2009 ALABAMA LEGISLATIVE UPDATE The following is a summary of legislation enacted by the Alabama Legislature during the 2009 session. 2009 Ala. Laws 457 (H.B. 492) (Approved May 8, 2009) Amends § 33-1-33 regulating control of vessels in bad repair to include vessels liable to sink, pollute adjacent waters, or vessels deemed derelict and raises the fine for failure to remove the vessel to $5000. 2009 Ala. Laws 468 (S.J.R. 126) (Approved May 13, 2009) Recognizes the week of September 14-19, 2009, as Alabama Soil and Water Conservation Week. 2009 Ala. Laws 488 (H.B. 452) Designates the Manatee as the official State Marine Mammal.

(Approved May 13, 2009)

2009 Ala. Laws 500 (S.B. 1) (Approved May 14, 2009) Provides for insurance premium discounts or insurance rate reductions for homeowners who build, rebuild, or retrofit an insurable property to better resist hurricane or other catastrophic windstorm events. 2009 Ala. Laws 589 (H.B. 530) (Approved May 14, 2009) Amends the Ala. Underground and Aboveground Storage Tank Trust Fund to provide for future protection of the soils and waters from releases from storage tanks, adds a definition of “occurrence,” amends the definition of “motor fuels,” and provides for indemnification of clean-up costs. 2009 Ala. Laws 776 (H.B. 659) (Approved May 22, 2009) Amends the Waterways Advisory Board to include the Commissioner of Agriculture and Industries; includes “economic development for recreation” and “river-related community” in qualifying projects.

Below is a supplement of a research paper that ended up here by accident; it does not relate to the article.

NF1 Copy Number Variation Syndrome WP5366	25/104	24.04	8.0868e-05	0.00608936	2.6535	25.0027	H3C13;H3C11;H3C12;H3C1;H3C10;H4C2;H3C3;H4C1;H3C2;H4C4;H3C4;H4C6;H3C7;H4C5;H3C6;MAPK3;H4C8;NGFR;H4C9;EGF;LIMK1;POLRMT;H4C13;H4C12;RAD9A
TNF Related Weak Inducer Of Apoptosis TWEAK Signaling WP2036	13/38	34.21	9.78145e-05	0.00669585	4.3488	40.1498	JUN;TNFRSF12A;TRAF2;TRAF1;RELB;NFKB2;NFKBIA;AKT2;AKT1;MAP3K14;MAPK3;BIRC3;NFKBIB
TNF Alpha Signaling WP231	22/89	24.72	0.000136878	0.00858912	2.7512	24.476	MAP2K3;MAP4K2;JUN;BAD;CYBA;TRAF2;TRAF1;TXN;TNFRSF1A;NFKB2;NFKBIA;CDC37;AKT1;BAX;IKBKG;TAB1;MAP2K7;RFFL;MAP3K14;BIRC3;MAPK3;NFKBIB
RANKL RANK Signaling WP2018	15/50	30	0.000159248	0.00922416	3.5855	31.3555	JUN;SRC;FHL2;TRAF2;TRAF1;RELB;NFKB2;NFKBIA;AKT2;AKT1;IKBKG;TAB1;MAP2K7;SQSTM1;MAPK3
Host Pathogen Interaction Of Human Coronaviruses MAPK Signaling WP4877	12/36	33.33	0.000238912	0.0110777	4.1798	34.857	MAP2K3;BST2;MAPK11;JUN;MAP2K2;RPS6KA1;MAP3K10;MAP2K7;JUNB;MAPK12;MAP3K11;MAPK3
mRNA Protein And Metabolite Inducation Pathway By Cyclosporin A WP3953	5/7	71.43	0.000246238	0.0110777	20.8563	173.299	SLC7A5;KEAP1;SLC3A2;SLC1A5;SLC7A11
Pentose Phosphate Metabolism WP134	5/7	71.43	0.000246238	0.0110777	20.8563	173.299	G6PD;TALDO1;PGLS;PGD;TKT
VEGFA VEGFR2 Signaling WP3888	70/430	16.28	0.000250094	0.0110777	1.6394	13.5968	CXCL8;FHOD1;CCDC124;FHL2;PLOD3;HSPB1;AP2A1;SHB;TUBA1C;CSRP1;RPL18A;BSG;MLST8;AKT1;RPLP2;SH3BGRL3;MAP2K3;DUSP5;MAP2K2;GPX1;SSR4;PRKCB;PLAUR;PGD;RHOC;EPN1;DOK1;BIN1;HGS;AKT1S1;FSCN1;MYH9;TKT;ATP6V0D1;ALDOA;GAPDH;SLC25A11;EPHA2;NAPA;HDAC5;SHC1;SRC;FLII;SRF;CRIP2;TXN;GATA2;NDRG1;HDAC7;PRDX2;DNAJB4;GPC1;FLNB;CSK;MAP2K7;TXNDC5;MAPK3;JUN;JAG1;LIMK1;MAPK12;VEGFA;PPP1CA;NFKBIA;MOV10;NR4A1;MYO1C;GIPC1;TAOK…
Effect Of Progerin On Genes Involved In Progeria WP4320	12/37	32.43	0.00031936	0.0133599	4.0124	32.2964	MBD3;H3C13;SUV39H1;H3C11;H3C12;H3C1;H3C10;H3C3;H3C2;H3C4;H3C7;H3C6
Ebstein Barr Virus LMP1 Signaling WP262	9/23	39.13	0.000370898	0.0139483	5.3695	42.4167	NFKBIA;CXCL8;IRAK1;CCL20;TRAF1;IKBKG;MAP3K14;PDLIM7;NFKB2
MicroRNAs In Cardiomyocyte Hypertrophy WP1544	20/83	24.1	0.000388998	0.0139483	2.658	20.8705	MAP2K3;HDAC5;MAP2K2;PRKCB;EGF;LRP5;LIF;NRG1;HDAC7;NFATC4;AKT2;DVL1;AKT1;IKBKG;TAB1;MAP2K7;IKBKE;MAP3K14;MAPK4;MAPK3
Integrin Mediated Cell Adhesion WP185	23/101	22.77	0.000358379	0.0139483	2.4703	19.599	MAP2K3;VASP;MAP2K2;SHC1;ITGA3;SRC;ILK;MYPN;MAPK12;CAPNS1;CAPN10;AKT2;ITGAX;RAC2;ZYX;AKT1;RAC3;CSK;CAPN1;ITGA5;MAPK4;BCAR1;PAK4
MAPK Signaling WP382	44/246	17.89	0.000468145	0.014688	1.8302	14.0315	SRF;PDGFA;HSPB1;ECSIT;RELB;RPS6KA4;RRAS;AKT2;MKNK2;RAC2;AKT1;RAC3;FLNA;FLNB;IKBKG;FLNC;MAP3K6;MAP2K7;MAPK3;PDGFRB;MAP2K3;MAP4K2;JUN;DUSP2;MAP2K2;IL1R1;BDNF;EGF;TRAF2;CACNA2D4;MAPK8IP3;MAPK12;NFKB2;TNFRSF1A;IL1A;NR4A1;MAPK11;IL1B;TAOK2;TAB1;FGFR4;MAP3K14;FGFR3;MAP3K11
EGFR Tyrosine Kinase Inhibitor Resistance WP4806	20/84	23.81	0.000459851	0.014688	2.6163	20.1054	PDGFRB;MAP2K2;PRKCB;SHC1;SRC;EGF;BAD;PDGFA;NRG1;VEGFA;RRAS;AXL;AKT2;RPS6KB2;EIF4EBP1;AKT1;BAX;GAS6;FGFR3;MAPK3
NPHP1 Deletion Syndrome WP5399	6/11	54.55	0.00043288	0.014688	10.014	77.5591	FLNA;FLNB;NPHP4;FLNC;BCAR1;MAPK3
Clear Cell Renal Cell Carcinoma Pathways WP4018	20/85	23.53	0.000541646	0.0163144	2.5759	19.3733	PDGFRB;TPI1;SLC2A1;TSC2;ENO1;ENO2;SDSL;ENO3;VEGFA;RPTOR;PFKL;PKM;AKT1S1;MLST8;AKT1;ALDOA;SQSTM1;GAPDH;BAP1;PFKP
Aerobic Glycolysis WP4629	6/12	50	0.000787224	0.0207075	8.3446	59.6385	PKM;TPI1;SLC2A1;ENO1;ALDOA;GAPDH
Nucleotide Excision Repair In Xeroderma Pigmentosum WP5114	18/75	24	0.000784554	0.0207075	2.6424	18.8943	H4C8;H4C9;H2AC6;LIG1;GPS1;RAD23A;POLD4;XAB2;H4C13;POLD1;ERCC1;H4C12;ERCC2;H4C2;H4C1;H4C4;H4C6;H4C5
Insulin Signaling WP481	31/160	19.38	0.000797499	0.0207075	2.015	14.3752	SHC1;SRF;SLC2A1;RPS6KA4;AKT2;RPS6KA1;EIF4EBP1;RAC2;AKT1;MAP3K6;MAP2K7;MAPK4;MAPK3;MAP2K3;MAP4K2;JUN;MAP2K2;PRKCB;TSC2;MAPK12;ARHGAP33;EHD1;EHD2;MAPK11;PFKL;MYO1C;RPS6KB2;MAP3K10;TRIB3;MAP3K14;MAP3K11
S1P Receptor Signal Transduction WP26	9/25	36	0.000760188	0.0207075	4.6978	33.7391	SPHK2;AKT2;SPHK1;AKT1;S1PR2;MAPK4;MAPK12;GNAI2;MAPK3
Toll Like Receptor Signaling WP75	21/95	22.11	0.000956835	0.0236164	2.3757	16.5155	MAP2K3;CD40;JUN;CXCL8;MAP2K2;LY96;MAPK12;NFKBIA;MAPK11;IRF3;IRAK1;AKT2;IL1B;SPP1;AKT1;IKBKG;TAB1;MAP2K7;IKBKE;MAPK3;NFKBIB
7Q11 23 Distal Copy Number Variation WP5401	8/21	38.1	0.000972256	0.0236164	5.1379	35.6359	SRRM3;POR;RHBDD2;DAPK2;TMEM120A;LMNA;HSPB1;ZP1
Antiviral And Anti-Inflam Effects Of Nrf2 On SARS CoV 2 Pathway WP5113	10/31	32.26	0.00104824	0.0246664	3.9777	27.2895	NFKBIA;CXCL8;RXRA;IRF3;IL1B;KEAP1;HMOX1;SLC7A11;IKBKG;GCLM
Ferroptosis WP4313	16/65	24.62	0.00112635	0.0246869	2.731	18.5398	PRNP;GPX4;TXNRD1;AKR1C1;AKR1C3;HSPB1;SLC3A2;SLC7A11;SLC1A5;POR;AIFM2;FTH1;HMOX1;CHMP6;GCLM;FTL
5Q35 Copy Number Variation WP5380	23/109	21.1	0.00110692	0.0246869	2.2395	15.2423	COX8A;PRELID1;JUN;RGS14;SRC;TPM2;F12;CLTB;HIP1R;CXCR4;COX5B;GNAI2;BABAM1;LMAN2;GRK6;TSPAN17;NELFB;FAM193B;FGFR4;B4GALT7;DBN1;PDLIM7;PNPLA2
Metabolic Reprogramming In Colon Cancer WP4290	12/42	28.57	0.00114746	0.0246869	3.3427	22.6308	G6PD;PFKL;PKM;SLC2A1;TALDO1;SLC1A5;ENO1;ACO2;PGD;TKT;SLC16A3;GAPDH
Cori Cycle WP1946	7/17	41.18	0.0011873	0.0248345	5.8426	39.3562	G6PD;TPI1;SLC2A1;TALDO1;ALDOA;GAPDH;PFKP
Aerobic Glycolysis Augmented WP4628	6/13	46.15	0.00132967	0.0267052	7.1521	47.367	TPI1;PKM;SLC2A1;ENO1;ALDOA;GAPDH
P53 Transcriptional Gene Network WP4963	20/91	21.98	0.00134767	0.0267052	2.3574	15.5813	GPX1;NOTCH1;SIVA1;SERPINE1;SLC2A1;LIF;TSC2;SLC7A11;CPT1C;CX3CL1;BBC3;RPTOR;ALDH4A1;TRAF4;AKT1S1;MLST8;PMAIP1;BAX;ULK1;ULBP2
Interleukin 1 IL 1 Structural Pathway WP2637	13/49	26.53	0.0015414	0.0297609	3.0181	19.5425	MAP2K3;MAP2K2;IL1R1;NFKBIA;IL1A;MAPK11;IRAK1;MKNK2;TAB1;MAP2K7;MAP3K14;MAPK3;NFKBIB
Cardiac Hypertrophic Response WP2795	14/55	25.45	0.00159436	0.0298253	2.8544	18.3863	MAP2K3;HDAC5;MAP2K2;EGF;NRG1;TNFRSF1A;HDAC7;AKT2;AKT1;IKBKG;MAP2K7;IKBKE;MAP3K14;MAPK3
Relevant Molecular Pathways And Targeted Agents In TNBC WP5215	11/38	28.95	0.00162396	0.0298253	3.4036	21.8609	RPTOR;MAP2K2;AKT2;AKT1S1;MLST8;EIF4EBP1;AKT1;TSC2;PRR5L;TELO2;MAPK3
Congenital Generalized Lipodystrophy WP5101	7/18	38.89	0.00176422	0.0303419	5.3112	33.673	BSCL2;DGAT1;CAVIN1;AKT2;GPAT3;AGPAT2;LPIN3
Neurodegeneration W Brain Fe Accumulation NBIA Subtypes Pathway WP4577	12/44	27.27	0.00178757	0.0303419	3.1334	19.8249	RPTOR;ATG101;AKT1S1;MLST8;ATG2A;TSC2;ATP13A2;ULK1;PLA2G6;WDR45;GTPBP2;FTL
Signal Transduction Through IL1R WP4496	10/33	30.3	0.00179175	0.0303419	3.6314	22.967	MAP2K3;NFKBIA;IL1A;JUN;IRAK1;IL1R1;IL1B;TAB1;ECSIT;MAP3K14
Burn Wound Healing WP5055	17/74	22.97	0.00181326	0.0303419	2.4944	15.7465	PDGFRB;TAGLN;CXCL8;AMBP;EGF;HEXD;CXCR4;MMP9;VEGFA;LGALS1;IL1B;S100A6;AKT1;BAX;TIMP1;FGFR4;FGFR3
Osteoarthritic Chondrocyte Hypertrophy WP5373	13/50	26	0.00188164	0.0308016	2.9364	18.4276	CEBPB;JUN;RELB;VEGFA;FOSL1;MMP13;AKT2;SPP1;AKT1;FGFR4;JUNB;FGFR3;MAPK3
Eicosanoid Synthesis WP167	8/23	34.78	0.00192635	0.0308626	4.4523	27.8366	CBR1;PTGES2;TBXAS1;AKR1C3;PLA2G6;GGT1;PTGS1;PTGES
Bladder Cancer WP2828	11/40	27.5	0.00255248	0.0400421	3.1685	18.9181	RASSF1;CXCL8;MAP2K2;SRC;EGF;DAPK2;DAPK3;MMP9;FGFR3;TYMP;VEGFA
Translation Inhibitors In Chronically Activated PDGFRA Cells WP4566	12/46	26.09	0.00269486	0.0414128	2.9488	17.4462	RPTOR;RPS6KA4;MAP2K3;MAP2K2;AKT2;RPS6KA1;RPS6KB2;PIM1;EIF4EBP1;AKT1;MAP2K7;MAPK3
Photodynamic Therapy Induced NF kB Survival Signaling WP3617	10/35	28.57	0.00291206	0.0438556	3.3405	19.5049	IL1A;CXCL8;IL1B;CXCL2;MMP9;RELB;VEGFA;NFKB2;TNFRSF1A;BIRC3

Sea Grant Law and Policy Journal 2010 Symposium Addressing Uncertainty of Environmental Problems: The Challenges of Adaptive Management March 30-31, 2010 Oxford, Mississippi To Register:

http://nsglc.olemiss.edu/symposiumtrifold10.pdf


WATER LOG 2010

VOL. 29:4

Page 15